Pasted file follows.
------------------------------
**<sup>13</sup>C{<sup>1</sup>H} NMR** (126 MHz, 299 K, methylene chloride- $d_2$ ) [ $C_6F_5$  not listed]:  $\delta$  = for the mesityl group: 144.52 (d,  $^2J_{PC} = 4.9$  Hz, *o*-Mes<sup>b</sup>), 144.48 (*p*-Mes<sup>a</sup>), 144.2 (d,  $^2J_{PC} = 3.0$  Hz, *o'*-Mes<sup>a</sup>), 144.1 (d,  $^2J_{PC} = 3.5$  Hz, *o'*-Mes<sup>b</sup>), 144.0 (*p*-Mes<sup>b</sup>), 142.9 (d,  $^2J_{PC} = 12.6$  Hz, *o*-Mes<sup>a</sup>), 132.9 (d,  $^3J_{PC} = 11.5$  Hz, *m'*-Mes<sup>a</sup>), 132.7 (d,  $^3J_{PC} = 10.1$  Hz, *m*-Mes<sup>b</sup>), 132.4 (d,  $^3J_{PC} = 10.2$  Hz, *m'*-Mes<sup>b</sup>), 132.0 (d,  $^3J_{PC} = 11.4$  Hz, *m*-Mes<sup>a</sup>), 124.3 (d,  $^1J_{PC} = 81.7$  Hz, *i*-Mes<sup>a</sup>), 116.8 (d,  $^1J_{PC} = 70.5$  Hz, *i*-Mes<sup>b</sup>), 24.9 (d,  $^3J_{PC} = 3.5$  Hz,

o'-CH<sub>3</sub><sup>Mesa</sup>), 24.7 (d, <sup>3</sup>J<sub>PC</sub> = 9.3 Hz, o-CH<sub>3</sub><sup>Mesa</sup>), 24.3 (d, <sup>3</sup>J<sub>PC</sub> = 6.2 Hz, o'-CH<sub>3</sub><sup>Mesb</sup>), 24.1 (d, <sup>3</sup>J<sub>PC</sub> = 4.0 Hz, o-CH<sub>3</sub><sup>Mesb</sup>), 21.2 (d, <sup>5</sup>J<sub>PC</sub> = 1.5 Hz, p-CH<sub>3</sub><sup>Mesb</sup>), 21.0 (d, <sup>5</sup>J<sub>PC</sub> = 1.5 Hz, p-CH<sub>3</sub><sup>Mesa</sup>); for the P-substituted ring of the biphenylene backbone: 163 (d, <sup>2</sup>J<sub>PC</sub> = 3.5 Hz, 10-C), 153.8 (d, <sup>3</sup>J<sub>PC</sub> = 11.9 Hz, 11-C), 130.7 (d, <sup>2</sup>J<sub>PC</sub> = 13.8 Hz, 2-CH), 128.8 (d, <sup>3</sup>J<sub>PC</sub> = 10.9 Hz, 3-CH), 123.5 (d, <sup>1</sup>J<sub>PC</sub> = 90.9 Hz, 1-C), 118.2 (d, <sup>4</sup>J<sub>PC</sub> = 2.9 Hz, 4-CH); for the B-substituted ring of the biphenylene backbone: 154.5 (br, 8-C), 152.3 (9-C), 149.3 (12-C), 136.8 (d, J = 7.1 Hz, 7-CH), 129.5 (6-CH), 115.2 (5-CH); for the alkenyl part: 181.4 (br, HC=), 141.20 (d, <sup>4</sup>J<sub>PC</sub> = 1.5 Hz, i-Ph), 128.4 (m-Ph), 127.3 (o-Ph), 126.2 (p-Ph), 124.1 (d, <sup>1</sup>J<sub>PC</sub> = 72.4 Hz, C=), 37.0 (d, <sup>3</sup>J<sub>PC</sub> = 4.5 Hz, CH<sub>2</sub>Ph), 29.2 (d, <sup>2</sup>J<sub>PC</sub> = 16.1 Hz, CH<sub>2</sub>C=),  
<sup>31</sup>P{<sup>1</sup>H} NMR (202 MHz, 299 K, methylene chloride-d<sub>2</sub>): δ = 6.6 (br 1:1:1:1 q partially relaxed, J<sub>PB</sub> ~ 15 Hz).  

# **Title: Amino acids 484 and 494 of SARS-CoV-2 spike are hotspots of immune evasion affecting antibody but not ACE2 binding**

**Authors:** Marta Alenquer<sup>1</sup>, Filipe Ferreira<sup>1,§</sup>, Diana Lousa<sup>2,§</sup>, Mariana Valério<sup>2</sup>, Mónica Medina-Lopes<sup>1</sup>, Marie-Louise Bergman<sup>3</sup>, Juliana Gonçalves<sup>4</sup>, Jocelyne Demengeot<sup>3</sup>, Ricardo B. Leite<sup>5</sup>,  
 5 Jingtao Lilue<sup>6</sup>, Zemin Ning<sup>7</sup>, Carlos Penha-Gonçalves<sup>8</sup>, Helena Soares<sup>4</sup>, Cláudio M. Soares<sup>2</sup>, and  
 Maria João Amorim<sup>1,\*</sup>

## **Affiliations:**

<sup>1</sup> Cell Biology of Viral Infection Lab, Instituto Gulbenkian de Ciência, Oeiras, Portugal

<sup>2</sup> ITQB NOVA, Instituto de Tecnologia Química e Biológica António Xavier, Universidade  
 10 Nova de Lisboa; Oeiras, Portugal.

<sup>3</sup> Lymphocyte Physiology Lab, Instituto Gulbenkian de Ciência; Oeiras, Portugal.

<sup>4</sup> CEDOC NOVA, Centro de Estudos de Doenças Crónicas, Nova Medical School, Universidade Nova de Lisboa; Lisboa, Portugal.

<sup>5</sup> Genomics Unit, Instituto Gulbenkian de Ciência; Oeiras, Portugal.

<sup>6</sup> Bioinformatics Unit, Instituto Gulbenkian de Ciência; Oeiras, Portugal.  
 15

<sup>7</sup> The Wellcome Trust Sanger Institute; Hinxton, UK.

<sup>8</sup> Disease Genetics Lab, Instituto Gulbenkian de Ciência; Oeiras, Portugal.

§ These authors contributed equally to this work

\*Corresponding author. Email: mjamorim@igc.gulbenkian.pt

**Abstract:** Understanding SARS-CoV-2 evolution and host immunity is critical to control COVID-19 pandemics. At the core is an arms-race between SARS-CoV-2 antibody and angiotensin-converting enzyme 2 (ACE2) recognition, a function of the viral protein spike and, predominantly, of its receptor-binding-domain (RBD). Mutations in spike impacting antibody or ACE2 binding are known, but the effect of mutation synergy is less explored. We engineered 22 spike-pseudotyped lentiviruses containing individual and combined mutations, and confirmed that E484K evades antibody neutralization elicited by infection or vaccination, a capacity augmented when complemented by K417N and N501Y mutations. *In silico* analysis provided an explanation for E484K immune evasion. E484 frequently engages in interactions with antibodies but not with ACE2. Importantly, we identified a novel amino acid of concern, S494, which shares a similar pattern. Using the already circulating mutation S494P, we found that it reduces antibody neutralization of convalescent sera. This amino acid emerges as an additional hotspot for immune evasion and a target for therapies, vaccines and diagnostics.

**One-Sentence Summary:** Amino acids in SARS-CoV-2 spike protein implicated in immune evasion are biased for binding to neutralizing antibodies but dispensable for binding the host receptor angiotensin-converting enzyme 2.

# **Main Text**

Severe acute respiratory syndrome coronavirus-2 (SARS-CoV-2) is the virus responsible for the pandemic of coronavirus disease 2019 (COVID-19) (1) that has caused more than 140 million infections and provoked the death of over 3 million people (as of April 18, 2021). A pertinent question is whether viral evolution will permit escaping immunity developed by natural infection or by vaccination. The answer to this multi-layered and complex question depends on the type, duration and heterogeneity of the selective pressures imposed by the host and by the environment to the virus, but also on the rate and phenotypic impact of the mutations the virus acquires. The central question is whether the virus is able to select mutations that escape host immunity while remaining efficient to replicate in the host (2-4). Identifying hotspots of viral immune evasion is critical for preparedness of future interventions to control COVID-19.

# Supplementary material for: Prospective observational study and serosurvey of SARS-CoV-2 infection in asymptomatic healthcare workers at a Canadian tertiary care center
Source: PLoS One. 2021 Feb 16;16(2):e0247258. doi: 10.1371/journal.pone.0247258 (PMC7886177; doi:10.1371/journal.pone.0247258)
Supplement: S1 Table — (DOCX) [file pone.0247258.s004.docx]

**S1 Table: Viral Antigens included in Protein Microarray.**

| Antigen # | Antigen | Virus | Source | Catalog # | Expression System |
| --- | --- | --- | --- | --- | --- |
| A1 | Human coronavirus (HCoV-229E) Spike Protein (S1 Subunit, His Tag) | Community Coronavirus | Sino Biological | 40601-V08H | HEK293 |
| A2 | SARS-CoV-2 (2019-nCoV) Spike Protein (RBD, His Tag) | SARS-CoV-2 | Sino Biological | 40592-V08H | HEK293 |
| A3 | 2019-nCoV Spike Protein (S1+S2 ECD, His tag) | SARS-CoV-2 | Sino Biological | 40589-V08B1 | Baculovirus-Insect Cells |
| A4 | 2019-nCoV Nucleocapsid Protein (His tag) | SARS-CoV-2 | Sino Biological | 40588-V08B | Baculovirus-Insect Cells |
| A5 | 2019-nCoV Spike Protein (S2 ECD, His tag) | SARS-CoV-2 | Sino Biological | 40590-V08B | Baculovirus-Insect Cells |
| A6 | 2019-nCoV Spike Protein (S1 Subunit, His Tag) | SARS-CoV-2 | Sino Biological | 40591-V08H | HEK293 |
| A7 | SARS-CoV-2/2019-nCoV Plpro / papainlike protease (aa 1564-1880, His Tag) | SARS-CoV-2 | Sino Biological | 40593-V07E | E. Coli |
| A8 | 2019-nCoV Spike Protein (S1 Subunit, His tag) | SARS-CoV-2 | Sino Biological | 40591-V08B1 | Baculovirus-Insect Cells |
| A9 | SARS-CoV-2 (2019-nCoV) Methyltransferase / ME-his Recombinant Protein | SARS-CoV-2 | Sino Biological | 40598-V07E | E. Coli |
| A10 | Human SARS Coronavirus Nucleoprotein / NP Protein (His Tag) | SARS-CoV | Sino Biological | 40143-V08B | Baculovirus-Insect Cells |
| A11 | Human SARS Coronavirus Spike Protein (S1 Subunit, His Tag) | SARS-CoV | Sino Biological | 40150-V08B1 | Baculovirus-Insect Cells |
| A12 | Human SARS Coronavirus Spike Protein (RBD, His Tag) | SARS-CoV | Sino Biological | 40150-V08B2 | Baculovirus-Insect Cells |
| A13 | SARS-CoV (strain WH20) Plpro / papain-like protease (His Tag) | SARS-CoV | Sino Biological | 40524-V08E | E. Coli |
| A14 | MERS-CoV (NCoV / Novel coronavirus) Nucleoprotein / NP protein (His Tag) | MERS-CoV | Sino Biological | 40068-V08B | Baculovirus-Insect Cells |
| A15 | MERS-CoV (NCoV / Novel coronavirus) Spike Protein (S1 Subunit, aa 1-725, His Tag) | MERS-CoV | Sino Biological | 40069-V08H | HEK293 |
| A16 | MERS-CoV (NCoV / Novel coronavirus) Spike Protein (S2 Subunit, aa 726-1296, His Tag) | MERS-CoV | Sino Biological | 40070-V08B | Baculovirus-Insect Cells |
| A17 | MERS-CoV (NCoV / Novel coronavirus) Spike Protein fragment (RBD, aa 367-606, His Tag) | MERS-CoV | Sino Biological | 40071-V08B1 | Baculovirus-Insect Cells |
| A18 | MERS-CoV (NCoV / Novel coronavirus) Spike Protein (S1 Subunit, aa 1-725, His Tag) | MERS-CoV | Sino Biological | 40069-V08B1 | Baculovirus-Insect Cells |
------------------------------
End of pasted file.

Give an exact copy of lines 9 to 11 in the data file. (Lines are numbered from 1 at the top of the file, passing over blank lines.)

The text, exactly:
<sup>1</sup> Cell Biology of Viral Infection Lab, Instituto Gulbenkian de Ciência, Oeiras, Portugal

<sup>2</sup> ITQB NOVA, Instituto de Tecnologia Química e Biológica António Xavier, Universidade  
 10 Nova de Lisboa; Oeiras, Portugal.